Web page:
Melissa Brookfield dropped 18kg in 12 weeks on the CSIRO Total Wellbeing Diet. Here she shares exactly what she did to lose the weight, and keep it off.
Melissa Brookfield’s mental health took a heavy hit when she gained weight during her two pregnancies.
“My self-esteem was so low,” she tells body+soul. “The worst thing was feeling so lethargic all the time and struggling to climb the stairs at home, or struggling to take my baby for a walk.”
For Melissa, it was a combination of poor diet choices and lack of exercise that promoted her weight gain.
“During my pregnancy I ate anything and everything I liked – hot chips, cake, cookies, baked goods,” the mother-of-two explains. “I had a particular fondness for caramel slice, and vanilla slice.”
And then there was the issue with portion control. “I also had serious problems with portion control and would easily eat the same as my husband. I know I was pregnant, but I treated it as a free-for-all and ate well in excess of what I was even hungry for.”
She also went from being fairly active to cutting out exercise altogether once she realised it was aggravating her sciatica.
To add to her low self-esteem, she recalls others even having difficulty recognising her.
“I had moved away from my current hometown and came back after having my first baby. I’m not joking when I say people didn’t recognise me – they did a double take before covering their expressions.”
This made her determined to take action and change her lifestyle. “It seems silly that it was other people’s opinions that mattered the most, but it certainly hurt and prompted me to try and get back to looking like my old self,” the 31-year-old recalls. “I also hated the fact that I couldn’t fit in any of my old clothes and anything new I bought, brought me zero joy.”
Melissa signed up to the CSIRO Total Wellbeing Diet 12 week program and went from 83kg to 65kg. Here’s how she did it…
Nailing “preparation and routine” were key to Melissa’s incredible body transformation. “When I started the program I noticed the weight loss very quickly, and that spurred me to keep going,” she says.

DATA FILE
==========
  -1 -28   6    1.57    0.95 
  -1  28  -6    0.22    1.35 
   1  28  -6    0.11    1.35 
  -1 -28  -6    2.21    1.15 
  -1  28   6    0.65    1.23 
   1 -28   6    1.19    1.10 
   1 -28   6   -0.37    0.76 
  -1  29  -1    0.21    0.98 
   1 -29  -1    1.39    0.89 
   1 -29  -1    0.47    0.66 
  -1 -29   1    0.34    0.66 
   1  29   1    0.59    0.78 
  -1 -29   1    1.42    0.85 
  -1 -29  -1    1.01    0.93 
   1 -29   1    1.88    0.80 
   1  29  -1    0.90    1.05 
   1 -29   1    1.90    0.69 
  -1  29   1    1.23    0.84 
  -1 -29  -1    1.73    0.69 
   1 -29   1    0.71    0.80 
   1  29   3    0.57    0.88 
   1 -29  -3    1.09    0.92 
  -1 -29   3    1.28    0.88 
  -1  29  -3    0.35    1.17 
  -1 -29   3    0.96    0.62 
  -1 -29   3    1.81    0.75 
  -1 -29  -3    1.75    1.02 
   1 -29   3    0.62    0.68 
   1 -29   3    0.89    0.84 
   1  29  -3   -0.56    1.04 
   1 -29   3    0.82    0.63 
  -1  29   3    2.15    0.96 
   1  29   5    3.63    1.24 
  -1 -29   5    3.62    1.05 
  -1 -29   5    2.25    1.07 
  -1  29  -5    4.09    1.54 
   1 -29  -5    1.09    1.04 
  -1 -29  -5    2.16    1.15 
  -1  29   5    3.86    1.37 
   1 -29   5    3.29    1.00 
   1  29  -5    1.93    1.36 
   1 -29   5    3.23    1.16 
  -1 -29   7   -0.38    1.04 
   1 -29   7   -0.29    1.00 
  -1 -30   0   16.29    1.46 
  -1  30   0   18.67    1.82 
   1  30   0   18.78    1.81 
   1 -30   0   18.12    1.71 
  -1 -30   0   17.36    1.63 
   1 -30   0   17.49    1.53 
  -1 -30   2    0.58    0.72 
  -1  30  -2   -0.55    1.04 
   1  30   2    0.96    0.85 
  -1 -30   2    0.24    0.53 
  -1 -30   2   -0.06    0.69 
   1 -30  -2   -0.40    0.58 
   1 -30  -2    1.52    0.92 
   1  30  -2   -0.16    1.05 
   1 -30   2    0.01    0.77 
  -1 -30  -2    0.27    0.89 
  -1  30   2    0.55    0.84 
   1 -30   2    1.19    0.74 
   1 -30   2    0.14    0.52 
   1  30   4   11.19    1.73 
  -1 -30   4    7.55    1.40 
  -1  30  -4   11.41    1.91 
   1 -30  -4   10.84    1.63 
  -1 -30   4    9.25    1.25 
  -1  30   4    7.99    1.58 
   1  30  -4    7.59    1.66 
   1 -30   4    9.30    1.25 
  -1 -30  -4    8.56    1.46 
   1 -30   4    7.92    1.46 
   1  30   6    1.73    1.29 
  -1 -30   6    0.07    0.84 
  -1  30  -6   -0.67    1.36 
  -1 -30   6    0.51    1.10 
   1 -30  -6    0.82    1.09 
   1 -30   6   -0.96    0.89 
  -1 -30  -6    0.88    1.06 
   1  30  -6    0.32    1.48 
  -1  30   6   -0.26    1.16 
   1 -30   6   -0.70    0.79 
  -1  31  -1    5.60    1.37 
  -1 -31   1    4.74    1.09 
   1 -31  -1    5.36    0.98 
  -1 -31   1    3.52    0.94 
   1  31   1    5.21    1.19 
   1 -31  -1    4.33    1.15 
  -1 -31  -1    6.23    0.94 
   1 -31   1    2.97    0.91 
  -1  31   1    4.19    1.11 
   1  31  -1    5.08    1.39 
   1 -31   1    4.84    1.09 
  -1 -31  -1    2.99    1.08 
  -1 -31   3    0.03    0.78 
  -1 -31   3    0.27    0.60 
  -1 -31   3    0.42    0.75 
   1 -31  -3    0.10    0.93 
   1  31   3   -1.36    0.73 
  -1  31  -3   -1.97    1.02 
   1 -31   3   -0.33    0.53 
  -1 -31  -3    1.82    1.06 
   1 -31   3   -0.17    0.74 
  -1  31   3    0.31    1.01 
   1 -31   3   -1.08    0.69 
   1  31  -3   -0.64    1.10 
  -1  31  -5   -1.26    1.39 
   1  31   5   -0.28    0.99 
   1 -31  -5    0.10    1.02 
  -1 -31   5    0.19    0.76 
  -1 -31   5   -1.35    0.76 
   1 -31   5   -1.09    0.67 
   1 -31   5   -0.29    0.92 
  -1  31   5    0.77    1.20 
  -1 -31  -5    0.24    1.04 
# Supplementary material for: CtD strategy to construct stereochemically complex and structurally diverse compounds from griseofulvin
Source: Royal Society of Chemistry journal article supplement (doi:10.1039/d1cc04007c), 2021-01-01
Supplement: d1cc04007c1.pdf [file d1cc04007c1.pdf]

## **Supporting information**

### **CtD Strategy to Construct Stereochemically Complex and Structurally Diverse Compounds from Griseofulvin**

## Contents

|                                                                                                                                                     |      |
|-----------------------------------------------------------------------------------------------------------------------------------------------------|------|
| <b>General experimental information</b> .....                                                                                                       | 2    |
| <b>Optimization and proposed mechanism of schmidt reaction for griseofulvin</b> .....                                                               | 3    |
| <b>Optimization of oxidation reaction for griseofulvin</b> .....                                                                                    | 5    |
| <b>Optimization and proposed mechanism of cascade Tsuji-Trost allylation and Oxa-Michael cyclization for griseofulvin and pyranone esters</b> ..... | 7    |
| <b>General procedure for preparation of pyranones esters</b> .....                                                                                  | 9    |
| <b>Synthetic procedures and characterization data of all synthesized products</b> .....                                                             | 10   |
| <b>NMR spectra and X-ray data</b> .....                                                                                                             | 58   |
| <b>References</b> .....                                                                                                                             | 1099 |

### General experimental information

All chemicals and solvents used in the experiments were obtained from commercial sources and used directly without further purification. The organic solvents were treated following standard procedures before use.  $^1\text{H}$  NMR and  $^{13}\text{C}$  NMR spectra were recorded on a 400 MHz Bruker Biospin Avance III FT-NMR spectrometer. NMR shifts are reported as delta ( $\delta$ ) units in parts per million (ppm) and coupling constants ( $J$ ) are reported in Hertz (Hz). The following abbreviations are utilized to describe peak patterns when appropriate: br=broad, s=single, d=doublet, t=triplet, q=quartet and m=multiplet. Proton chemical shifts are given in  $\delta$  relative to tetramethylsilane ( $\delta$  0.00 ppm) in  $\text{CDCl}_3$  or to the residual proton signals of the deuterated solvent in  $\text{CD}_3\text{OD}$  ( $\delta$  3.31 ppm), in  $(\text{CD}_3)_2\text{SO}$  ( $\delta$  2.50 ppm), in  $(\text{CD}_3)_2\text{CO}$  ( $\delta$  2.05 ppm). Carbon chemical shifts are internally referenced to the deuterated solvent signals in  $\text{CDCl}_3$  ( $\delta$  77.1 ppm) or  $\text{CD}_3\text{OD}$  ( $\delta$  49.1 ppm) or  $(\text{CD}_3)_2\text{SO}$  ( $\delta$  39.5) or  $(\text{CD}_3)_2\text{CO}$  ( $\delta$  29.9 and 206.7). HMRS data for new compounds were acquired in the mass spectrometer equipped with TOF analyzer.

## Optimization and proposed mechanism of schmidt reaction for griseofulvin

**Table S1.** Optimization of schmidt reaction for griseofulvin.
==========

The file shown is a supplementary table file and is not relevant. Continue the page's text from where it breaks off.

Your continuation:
“I stick to a list and if I want a treat, I have to go to the shops to get one. I also always cook extra and have leftovers for lunch or freeze them for another night.”
Here’s what a typical day on a plate looks like
Breakfast: A smoothie (she’s a huge fan of the CSIRO banana, peanut butter and tofu recipe), muesli or porridge.
Lunch: A salad or sandwich.
Dinner: Meat with a serve of veg.
Snacks: Fruit, coffee, yoghurt and veggie sticks.
Melissa’s exercise routine
Melissa made exercise a non-negotiable.
“I made sure that I saw exercise as a job in the beginning. I got up at the same time each day and never faltered.”
It was this consistency that slowly turned exercise into a daily habit, rather than a chore.
“I absolutely love exercising and getting active every day.” A typical week of exercise for Melissa involves three runs and four HIIT classes.
“I have learnt about having a positive relationship with exercise. I can run further than I ever have before and am working towards running up to 5km.”
Melissa’s three golden rules of successful long-term weight loss
She’s physically stronger and happier, but more importantly Melissa can confidently say she’s mentally healthier than ever before.
“After the babies I never thought I would feel attractive again. Now my confidence is sky high. I have learnt so much about the importance of good nutrition and making healthier choices while still enjoying a treat.”
Melissa credits her weight loss to these three rules:
1. Believe in yourself
“When I was trying to lose the weight I practised mindfulness and visualised a happy healthy me every night before bed.”
2. Plan your meals for the week ahead
“Stick to a list to avoid filling your trolley with processed convenience foods and junk food. Fill your fridge with fresh, healthy food and have snacks visible at the front of your fridge so when you open your fridge there is always something easy and healthy to eat.”
3. Exercise first thing in the morning
“Set your alarm to wake up 30 minutes earlier than normal, and then get up and go for a walk. I find it too hard to exercise at the end of the day, not only because I’m usually tired, but it’s easy to get caught up with other things and not do it.”